The Color Pink: Essential Color Theory, Symbolism and Design Application
04/12/2022 | Sara McLean |
With just a touch of red, the color pink is a playful hue replete with a multitude of associations around the world. Whether baby pink or fierce fuchsia, pink has been at the forefront of fashion and interior design over the past decade. And as 2010’s Millennial Pink morphs into varying degrees of peach and warm tones for the 2020s, we continue to see all shades of pink pop up each year in a variety of design industries.
Viewed as a feminine-centric color in many cultures, pink has historical references to romance and tenderness, children and women—though only considered the symbolic color for girls since the 1940s. So what else can we learn about this color that has captured so much global attention?
How is Pink Created?
Pink is a tint of the primary color red, so it is not on a traditional color wheel. It is made by mixing white and red together, creating a paler version of red. On modern color wheels, pink is viewed alongside red and mauve. Paler shades of pink, or tints of red, are created by adding more white to red pigment to produce the desired result. And to achieve darker pinks, more red or a little black is added to the recipe.
To achieve other shades of pink, other colors can be mixed together:
- Dusty pink or muted rose tone – mix together pink and violet. This nostalgic-looking color has been a longtime favorite for both interiors and fashion.
- Coral pink – mix together pink and orange to create this shade reminiscent of precious coral. First recorded as a color in England in 1513, coral can create a sophisticated, feminine atmosphere.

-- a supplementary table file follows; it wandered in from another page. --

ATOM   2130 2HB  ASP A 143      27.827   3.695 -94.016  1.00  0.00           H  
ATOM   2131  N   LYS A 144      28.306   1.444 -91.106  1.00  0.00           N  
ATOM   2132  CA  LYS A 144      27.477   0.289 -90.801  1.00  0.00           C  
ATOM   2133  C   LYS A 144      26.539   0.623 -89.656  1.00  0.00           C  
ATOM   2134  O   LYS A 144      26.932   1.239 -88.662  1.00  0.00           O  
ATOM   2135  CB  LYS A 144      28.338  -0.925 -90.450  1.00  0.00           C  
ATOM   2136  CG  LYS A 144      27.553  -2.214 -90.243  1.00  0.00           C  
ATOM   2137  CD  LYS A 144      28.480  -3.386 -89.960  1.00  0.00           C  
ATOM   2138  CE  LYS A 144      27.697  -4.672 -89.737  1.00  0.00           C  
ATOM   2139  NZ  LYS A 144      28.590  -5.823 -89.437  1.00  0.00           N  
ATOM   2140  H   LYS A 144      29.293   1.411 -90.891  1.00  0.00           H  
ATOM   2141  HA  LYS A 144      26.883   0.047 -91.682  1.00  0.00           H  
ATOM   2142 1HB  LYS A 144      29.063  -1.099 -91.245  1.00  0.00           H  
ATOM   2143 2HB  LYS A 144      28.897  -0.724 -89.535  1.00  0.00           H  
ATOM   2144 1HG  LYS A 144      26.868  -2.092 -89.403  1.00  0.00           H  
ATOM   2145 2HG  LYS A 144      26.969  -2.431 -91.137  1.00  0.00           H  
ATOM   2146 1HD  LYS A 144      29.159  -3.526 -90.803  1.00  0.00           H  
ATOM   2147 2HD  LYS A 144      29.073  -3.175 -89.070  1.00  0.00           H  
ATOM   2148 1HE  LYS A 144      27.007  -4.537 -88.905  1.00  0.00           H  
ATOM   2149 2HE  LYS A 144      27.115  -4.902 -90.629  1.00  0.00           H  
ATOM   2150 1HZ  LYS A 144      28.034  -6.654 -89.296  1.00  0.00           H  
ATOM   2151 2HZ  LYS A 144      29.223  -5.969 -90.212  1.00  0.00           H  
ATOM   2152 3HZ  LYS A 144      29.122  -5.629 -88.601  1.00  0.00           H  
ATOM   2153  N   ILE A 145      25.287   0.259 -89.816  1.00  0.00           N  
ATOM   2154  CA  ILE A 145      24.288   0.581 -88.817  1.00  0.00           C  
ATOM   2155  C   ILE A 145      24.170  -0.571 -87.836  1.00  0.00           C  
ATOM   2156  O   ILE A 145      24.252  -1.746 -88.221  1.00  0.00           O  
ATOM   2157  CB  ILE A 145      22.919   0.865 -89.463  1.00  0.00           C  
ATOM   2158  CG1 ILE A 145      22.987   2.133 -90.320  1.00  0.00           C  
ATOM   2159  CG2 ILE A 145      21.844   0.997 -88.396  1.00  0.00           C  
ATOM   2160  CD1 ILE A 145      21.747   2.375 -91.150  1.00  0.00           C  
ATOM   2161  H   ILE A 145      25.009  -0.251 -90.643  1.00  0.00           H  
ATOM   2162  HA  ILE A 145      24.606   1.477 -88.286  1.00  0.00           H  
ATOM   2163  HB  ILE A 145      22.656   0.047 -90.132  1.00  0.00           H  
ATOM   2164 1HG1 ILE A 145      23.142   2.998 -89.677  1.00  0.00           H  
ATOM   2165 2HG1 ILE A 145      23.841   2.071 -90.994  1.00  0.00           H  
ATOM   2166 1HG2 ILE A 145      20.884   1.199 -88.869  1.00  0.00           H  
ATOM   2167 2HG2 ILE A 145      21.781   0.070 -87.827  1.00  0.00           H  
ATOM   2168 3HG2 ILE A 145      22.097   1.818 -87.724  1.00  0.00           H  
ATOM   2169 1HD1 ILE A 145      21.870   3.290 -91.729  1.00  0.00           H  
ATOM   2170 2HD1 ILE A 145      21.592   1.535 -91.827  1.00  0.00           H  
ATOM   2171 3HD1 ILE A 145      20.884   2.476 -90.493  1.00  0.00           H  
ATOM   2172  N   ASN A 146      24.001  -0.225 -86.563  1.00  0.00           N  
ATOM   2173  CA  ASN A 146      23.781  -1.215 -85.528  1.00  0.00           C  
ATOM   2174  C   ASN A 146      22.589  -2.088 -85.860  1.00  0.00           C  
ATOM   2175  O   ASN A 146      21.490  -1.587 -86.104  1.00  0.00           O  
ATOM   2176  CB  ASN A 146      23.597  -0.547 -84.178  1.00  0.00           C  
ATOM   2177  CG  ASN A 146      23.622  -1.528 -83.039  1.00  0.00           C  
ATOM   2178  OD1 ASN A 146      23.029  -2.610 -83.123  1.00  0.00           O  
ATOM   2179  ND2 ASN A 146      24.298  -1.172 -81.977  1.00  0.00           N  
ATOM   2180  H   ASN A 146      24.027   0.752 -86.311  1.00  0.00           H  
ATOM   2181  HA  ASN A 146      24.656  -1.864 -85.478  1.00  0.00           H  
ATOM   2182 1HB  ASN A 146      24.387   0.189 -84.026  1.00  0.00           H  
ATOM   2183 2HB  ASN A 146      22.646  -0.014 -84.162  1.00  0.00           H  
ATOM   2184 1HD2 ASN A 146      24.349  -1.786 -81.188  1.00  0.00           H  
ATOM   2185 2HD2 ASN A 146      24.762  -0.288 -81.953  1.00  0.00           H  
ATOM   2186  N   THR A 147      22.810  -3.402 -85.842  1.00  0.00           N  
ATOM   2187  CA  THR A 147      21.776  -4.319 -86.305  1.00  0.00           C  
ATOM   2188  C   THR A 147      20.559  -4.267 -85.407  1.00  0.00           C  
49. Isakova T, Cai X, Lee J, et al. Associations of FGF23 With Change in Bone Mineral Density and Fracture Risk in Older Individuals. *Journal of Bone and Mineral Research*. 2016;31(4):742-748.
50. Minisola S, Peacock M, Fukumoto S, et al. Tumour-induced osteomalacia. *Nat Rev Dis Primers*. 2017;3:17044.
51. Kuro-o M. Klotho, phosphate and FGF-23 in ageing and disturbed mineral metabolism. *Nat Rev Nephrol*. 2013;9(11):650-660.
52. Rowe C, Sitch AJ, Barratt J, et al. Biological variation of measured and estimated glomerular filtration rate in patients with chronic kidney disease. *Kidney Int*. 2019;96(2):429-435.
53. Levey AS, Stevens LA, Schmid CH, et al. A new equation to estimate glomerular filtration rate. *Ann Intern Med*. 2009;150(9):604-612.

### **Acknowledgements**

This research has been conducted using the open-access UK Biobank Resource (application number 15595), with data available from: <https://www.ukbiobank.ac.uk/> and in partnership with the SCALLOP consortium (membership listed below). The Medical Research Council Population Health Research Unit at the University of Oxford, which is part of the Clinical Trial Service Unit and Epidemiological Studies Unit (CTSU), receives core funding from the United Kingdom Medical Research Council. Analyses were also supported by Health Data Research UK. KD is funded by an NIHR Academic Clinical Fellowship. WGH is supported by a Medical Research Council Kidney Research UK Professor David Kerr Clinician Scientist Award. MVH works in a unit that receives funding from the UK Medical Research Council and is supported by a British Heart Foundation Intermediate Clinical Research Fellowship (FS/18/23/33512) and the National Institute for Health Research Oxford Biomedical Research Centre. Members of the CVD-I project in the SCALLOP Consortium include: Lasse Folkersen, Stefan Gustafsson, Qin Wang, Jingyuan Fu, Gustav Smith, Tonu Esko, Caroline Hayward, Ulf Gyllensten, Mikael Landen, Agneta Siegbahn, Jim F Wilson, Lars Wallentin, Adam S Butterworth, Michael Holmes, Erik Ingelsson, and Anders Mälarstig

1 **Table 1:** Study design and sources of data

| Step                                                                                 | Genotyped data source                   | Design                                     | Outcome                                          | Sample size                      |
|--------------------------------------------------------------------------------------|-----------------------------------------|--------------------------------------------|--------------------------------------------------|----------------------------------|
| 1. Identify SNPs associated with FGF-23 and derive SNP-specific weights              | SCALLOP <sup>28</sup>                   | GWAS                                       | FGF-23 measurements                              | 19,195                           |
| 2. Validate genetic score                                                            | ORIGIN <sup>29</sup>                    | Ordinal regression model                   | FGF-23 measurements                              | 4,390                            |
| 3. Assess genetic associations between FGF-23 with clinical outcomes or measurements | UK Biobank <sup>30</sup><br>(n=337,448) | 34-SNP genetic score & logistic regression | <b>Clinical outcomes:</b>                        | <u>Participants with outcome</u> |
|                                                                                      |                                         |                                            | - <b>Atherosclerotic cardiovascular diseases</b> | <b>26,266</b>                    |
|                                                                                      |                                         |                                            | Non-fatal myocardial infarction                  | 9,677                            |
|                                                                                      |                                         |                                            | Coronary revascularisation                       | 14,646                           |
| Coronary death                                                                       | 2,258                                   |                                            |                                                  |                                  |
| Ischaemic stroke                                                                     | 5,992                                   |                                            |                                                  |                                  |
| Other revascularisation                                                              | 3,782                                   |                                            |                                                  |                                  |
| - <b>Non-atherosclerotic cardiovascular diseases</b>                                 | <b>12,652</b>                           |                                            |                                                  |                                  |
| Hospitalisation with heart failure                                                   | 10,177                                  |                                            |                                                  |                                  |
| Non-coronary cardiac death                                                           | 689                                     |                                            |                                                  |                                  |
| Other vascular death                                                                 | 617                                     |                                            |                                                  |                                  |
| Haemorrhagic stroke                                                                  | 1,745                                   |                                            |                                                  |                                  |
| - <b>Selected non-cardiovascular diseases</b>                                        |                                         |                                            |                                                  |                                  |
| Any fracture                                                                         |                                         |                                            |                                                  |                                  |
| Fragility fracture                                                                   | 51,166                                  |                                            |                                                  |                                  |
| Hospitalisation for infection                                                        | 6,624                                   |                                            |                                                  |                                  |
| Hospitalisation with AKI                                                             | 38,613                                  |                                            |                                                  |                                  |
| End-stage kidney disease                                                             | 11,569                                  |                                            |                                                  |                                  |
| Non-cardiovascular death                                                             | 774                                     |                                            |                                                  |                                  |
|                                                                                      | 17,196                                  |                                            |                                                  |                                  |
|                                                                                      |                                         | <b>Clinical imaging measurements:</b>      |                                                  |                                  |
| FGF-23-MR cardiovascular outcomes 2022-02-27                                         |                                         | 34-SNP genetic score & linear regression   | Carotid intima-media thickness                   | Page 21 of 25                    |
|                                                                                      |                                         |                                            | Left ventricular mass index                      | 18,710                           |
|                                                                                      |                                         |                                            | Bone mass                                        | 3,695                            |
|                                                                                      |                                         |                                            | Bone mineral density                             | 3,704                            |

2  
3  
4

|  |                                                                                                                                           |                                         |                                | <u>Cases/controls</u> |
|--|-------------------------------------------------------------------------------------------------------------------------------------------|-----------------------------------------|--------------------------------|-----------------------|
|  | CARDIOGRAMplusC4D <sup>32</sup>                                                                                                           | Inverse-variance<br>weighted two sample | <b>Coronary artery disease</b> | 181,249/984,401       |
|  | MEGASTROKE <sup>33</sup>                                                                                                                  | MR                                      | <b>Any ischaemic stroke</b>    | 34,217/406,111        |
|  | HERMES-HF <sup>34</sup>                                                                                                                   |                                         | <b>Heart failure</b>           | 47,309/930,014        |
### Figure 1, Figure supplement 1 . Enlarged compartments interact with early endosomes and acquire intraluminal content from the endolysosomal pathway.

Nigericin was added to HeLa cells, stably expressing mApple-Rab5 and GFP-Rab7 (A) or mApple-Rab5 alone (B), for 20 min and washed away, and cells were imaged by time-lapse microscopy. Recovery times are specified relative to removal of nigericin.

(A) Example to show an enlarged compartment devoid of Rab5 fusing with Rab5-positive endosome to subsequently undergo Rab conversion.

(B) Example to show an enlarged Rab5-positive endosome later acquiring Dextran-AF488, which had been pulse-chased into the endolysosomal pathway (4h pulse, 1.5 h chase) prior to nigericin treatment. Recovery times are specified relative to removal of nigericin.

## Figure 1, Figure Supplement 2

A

- Peach pink – mix together pink and orange, with a touch more orange, to create this shade of pink that is brighter than coral pink. This color name comes from the skin of peaches and is warmer than pink. Inviting and energizing, peach pink was a key color of the Art Deco period in the 1920s – ’30s.
- Blush – mix purple with pink to create a soft, warm, glowing, muted shade of pink. Blush is a term first used to describe this shade of pink in the English language in 1590. As it leans toward the hint of neutrals, blush is widely appealing in both fashion and interiors.
- Powder pink – a soft, delicate shade of pink. As one of the most versatile and likable shades of pink, which can be used as a neutral, it has been a favorite for centuries and shown everywhere from Versailles to modern homes.
- Cameo pink – a fresh shade of pink that leans toward mauve and is chic and feminine. Cameo pink is popular in fashion and interiors and is a great color choice for almost any room in the home. And, this is a great color option for cottagecore themed room interiors.
- Camellia rose – a vibrant pink named after the flower native to Japan. As a hot pink, this shade looks great in spaces that invite attention, such as entryways, dining and living spaces.
- Flamingo pink – a brighter pink with a touch of orange similar to flamingo feathers. A tinge of fluorescence to the shade of pink creates a bright, eye-popping touch to fashion and interiors.
- Magenta pink – a vivid mix of red and blue. This color is quite lively and pleasing to the eye for how bright it appears and is ever-present in fashion and art.
- Hot pink – a classic pink that has shown up in documents back to 1849, this brighter shade is most closely associated with the 1980s pink obsession and is once again showing up on fashion runways. It is the shade most frequently paired with red for a vibrant color combination these days.